23 . Risk tolerance In addition to defining your business s risk appetite, you can also define a level of variation to how you manage that risk. This is called risk tolerance and it provides some operational flexibility while still adhering to the risk framework you have developed. A remittance services business has decided that generally the risk is unacceptable to remit money to a particular country. However, the remitter does have some risk tolerance. In this case the business will remit to this region provided that it is a bank-to-bank transaction only, the customer provides three verifiable customer identification documents and the transaction is approved by a senior manager. As such, the business understands and accepts the consequences of a ML/TF risk being realised. Risk assessment for your AML/CTF program Page 23 of 27

24 Regulatory risk and risk tolerance The business risk associated with ML/TF is that an entity can be used, whether inadvertantly or otherwise, to facilitate money laundering or the financing of terrorism. Risk appetite/risk tolerance implies that the entity understands and accepts the limits of the ML/TF risk mitigation strategies that it has chosen to implement, and in balance with this understands and accepts the consequences of a ML/TF risk being realised. However whilst it is appropriate for an entity to consider the factors as set out in the AML/CTF Rules in establishing any risk appetite/risk tolerance for the business risks that it can be used for ML/TF, the same cannot be done to define a risk tolerance for regulatory risk. If an enity has mandatory obligations under the AML/CTF Act or the AML/CTF Rules it is expected and required under law that it will meet these obligations. For example, an entity's AML/CTF program will reflect the level of ML/TF risk it assesses itself to have, but it cannot use a risk appetite/risk tolerance approach to decide that it will not have or will not implement an AML/CTF program as this is an obligation under the AML/CTF Act. Risk assessment for your AML/CTF program Page 24 of 27

25 Risk treatment This stage is about identifying and testing methods to manage the risks you have identified and assessed in the previous process. In doing this you will need to consider putting into place strategies, policies and procedures to help reduce (or treat) the risk. Examples of risk reduction or treatment steps are: setting transaction limits for higher risk products having a management approval process for higher risk products having a process to place customers in different risk categories and apply different identification and verification methods not accepting customers who represent unregistered charities and wish to transact with a high-risk country. Risk assessment for your AML/CTF program Page 25 of 27

26 Another way you can reduce the risk is to use a combination of risk groups to modify the overall risk of a transaction. You may choose to use a combination of your customer, product/service and country risk to modify an overall risk. For example, in the case of use of a bank-account-to-bank-account service (assessed as low risk by you), to a certain city/province (assessed as high risk area by you), in a certain country (assessed as low risk by you). It is important to remember that identifying a customer, product or country as high risk does not necessarily mean that ML/TF is involved. The opposite is also true - just because a customer or transaction is seen as low-risk does not mean the customer or transaction is not involved in ML/TF. Experience and common sense should be applied to your risk management process. Monitoring and review Keeping records and regular evaluation of the AML/CTF program is essential. The AML/CTF program cannot remain static as risks change over time - for example, changes to your customer base, your products and service, your business practices and changes to the law. Once documented, your business should develop a method to regularly check whether your AML/CTF program is working correctly and well. If not, you need to work out what needs to be improved and put changes in place. This will both help keep your program effective and also meet the requirements of the AML/CTF Act. Risk assessment for your AML/CTF program Page 26 of 27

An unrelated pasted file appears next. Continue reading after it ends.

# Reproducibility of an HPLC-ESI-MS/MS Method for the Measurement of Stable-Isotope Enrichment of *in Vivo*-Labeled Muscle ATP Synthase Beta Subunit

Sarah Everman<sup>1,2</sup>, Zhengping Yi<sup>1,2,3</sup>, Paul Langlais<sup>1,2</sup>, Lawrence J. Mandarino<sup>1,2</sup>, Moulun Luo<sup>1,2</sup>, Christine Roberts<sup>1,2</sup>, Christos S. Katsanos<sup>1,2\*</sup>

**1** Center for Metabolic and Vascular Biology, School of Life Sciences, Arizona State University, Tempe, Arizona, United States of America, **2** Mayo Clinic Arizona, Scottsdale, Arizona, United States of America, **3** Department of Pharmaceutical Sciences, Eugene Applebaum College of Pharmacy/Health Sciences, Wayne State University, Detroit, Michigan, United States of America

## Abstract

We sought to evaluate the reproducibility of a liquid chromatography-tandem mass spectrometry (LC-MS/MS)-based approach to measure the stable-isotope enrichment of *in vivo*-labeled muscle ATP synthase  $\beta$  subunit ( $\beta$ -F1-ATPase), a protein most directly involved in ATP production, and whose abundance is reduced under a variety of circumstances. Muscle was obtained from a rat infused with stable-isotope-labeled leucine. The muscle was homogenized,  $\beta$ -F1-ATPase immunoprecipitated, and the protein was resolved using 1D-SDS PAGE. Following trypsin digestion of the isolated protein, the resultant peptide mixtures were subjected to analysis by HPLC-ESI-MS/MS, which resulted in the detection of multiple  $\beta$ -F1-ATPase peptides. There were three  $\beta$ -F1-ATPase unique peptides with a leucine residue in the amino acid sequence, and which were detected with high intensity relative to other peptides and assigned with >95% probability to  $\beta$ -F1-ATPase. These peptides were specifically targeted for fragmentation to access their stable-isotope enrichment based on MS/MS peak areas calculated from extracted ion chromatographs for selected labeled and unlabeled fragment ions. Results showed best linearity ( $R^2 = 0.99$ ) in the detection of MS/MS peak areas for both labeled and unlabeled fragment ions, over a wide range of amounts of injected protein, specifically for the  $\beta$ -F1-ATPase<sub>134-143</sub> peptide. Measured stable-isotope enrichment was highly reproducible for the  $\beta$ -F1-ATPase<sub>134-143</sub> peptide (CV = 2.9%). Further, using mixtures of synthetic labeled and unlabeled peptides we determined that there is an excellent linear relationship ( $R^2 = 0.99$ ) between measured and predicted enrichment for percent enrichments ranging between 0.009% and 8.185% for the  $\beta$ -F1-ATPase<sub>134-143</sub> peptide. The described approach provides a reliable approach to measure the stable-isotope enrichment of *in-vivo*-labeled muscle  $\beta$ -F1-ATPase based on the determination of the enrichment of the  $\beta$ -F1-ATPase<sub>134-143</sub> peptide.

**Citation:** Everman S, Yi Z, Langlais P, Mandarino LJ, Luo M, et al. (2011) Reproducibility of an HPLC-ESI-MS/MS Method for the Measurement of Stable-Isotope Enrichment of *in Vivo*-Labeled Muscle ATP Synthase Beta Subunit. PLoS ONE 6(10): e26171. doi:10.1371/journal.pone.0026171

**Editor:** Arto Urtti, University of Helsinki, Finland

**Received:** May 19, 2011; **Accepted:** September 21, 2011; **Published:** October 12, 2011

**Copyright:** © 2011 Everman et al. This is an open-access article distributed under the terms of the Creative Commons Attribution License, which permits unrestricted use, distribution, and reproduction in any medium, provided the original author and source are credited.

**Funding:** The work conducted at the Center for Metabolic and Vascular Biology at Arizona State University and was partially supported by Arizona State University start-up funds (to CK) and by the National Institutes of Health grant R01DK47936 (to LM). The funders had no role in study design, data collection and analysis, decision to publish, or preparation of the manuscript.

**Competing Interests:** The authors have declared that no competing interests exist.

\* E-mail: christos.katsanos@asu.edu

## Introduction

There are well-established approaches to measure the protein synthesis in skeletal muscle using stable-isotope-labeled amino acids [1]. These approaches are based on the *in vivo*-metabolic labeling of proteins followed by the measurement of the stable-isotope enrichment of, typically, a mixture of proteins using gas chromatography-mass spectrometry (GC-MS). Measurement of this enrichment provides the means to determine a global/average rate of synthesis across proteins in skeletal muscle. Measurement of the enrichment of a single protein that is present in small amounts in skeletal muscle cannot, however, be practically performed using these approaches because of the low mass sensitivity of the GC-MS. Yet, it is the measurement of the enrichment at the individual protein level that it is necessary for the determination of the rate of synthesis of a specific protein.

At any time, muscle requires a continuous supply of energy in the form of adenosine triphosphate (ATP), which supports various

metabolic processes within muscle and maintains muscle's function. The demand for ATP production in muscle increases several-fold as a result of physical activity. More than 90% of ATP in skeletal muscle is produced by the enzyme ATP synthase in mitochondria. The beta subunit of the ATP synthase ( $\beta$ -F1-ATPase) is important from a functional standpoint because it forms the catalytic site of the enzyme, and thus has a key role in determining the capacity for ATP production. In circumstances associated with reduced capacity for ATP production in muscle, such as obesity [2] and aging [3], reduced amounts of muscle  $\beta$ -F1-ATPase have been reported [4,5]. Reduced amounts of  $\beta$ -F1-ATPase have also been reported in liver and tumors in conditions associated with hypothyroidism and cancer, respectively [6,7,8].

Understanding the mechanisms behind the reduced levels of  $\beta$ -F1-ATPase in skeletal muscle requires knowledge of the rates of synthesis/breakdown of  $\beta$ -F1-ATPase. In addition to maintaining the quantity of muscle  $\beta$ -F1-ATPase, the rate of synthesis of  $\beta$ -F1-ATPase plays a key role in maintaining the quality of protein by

27 AUSTRAC intends to maintain its AML/CTF Programs e-learning application as an evolving resource to reflect changing patterns of behaviour, legislative development and the broader Anti-Money Laundering environment. Should you require further information on the e-learning application, AUSTRAC's operations, the Financial Transaction Reports Act 1988 (FTR Act) or the Anti-Money Laundering and Counter-Terrorism Financing Act 2006 (AML/CTF Act), please contact: AUSTRAC Help Desk via: or Telephone , Commonwealth of Australia Each cash dealer, reporting entity or other stakeholder may use this material internally as an educational tool. It may view and use this application solely in the usual operation of its web browser in visiting the AUSTRAC Site ( the Site ). Except for this purpose, the material may not otherwise be used, copied, reproduced, published, altered or transmitted in any form or by any means in whole or part (except where such use constitutes fair dealing under the Copyright Act 1968 (Cth)) without the prior written approval of the Commonwealth. Requests and inquiries concerning reproduction and rights should be addressed to the Commonwealth Copyright Administration, Attorney-General s Department, Robert Garran Offices, National Circuit, Barton ACT 2600 or posted at with a copy to AUSTRAC. The Commonwealth accepts no liability in regard to any loss or damage suffered by you resulting from a loss of service, malfunction, computer viruses, or any other cause connected with your use of the Site. The information contained in this application is intended only to provide a summary and general overview on these matters. The AML/CTF Programs course is not intended to be comprehensive nor does it constitute legal advice. AUSTRAC may from time to time amend legislative instruments under the legislation it administers and this may impact on the form and content of the AML/CTF Programs course. The AML/CTF Programs course contains statements of policy that reflect AUSTRAC s administration of the legislation in performing its statutory functions. The Commonwealth accepts no liability for any loss suffered as a result of reliance it. AUSTRAC recommends that cash dealers, reporting entities and other stakeholders should obtain their own legal and/or technical advice on matters arising from the AML/CTF Act, the FTR Act, regulations and/or the published Anti-Money Laundering/Counter-Terrorism Financing Rules (AML/CTF Rules) tailored to the cash dealer, reporting entity or other stakeholder s specific circumstances, prior to making any decisions. The information contained in the AML/CTF Programs course is current as at the version date which appears on the AML/CTF Programs course. Your use of this application does not relieve you of any obligations you may have under any legislation, subordinate legislation, rules, requirements or standards, including but not limited to the AML/CTF Act and the FTR Act. Cash dealers, reporting entities and other stakeholders using this application should be aware of any obligations they may have under the Privacy Act 1988 (Cth). These obligations could include a duty of confidentiality to their customers and not using personal information for an improper purpose. Further information regarding privacy obligations can be obtained from the Privacy Commission via or telephone Click here for AUSTRAC's privacy statement. Risk assessment for your AML/CTF program Page 27 of 27